The Pindaya caves in the Shan state of Myanmar lie just at the edge of historic east-west routes through Myanmar. Once the tradition of placing a statue of the Buddha inside the caves started, it would have grown quickly. Of the thousands of Buddhas you can see, most come from the 18th and 19th centuries, although more are being placed even today. Legends have accreted around it. One of the more colourful ones is about seven princesses who were captured and placed inside the caves by a giant spider which was later killed by a prince. What this has to do with the Buddhas is not clear. Maybe it is an earlier Shan legend.
We took off our shoes and socks and took a lift up to the south cave. I’d expected the floor to be slippery like in any other limestone cave, but mercifully, in Myanmar a boardwalk is always laid down in such places, making it easy to walk through the cave. The inside was stunning: full of statues of the Buddha, many larger than life-size, but a large number of smaller ones. Some had inscriptions, others were anonymous. There was even a large stupa inside the cave. Most of the statues seemed to be metal, although there was a significant number of stone statues. The flood of statues is not limited by space: although the profusion of statues is overwhelming, there is a huge amount of space left in the upper sections of the cave for future donors.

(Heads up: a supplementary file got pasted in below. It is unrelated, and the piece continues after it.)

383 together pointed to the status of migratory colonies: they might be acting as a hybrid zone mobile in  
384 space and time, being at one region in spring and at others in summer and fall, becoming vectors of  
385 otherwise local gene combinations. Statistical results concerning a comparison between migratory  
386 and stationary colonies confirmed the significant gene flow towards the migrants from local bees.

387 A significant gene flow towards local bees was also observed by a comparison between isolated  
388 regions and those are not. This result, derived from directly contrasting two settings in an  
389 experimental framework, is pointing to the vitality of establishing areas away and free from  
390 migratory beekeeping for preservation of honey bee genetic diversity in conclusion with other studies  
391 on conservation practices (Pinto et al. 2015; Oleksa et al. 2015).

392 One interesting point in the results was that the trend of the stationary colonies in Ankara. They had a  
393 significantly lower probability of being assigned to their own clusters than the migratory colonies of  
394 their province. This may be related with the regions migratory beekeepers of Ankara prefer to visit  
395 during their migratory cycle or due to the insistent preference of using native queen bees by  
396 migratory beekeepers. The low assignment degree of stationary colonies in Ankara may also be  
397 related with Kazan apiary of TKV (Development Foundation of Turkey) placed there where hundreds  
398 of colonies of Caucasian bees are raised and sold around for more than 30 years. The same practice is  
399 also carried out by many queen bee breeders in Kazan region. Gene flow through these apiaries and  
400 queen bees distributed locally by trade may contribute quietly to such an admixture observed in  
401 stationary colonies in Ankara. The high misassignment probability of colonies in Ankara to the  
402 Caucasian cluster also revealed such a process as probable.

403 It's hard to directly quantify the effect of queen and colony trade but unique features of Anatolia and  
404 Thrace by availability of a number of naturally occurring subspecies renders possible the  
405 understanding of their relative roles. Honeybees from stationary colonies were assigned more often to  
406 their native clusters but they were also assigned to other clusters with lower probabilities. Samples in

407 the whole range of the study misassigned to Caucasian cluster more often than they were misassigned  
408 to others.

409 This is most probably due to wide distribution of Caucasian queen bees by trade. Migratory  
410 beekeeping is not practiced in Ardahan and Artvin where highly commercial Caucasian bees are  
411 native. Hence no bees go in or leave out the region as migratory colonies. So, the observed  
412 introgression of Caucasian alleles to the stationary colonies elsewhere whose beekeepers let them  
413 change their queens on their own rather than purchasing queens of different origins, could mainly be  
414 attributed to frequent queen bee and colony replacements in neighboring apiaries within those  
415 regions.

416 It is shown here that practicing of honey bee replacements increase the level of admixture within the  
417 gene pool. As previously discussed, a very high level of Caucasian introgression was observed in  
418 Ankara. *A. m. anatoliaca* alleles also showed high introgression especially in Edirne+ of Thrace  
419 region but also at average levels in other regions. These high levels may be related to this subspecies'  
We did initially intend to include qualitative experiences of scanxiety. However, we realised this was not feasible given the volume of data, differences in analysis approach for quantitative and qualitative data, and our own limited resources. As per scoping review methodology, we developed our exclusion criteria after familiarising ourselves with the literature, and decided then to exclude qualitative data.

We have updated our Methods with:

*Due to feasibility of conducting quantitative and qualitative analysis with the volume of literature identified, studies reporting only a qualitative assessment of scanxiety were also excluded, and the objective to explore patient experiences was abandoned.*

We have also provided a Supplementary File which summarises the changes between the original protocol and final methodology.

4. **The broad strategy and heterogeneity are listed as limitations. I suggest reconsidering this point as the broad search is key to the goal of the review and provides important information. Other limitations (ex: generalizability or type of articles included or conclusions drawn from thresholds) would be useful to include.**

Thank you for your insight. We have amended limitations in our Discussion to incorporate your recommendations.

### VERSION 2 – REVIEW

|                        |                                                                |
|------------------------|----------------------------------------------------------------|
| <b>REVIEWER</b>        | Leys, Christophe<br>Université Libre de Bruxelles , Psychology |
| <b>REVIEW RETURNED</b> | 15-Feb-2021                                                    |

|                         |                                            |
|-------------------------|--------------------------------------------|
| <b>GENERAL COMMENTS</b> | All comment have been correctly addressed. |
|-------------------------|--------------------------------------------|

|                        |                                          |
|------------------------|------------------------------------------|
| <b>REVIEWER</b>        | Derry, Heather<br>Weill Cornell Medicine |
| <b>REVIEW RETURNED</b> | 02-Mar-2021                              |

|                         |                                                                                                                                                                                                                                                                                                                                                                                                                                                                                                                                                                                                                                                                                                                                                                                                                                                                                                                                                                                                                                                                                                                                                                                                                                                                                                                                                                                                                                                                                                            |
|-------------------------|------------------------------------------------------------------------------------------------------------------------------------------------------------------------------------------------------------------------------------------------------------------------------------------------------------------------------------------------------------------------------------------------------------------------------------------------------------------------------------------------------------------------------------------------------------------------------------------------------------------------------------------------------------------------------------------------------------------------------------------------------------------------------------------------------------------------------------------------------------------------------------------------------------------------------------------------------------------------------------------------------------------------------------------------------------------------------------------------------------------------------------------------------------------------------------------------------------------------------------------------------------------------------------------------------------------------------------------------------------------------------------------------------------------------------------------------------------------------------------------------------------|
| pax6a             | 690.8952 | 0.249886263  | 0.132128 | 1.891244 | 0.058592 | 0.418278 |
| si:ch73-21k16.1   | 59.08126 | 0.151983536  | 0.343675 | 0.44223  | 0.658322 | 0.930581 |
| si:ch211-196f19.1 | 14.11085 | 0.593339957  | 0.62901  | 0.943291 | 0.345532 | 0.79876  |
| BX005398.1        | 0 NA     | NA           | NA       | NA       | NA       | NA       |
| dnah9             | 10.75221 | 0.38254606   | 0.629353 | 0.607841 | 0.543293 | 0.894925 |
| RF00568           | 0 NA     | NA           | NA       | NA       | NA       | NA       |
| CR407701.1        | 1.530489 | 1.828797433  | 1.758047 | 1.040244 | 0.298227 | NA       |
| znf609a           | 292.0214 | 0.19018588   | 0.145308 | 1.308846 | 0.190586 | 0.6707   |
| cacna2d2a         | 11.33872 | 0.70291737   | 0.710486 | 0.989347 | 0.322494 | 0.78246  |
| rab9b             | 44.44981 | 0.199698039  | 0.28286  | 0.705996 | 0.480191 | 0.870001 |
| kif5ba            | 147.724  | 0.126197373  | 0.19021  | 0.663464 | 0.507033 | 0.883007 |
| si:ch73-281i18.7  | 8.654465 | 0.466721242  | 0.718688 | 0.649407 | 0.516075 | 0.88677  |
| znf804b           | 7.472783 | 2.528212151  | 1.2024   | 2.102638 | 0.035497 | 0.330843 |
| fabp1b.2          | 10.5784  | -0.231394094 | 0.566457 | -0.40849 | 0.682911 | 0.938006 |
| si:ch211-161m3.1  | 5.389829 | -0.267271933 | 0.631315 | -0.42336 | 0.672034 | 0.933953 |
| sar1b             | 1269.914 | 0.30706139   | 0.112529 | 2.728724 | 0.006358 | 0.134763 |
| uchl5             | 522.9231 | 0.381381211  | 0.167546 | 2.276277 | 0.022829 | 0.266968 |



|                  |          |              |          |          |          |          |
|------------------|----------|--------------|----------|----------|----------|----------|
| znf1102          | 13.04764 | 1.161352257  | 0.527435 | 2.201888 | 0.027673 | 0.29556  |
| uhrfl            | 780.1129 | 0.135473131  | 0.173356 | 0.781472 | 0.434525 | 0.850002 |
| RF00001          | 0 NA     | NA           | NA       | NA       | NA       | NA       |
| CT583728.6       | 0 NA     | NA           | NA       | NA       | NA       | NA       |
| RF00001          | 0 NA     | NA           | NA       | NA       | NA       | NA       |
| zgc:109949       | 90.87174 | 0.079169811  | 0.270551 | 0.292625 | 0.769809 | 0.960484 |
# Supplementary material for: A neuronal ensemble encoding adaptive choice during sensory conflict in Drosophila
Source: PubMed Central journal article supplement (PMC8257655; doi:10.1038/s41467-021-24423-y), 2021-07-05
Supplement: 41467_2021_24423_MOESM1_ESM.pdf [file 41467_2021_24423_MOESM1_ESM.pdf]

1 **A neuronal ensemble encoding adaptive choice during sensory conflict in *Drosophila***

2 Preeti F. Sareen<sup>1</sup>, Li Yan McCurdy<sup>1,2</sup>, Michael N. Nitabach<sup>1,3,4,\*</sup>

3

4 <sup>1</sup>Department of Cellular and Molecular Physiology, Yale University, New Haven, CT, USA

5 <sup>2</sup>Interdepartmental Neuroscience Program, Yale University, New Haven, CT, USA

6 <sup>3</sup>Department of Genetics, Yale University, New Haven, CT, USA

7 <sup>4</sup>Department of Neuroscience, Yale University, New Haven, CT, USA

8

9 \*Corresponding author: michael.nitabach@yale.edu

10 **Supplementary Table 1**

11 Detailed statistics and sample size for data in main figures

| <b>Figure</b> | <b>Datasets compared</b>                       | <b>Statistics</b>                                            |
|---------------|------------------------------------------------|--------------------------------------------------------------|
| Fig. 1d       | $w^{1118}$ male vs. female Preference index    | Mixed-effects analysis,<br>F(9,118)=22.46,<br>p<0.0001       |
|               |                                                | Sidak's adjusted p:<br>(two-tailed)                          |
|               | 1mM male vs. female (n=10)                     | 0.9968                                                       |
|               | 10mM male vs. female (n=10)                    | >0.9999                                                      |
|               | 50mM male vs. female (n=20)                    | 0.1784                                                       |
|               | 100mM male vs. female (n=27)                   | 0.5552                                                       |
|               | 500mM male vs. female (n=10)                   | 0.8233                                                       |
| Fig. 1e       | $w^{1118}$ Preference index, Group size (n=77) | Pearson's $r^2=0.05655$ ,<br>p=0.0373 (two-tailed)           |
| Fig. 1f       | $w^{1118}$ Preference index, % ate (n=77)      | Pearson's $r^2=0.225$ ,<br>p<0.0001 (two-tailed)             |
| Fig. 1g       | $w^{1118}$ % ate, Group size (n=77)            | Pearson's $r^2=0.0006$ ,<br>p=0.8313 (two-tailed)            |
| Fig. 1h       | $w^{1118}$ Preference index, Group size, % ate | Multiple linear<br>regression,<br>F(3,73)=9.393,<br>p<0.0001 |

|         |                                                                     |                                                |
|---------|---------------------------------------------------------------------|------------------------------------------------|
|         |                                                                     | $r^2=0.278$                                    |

The cave system is primarily a centre of pilgrimage. On my way out I saw a group of monks walk in, led by a person who created a flutter among the locals around. It turned out that he was a very well-known monk called Pa-o Seyado (phonetically transcribed). Throngs followed him into the cave to pray. Other devotees can buy gold leaf and apply it to statues and the pagoda. You see one of them here, more of the devout were at work gilding the stone base of the pagoda. This is a very efficient and businesslike way to keep things covered in gold leaf, and almost as impressive as the sight of the caves.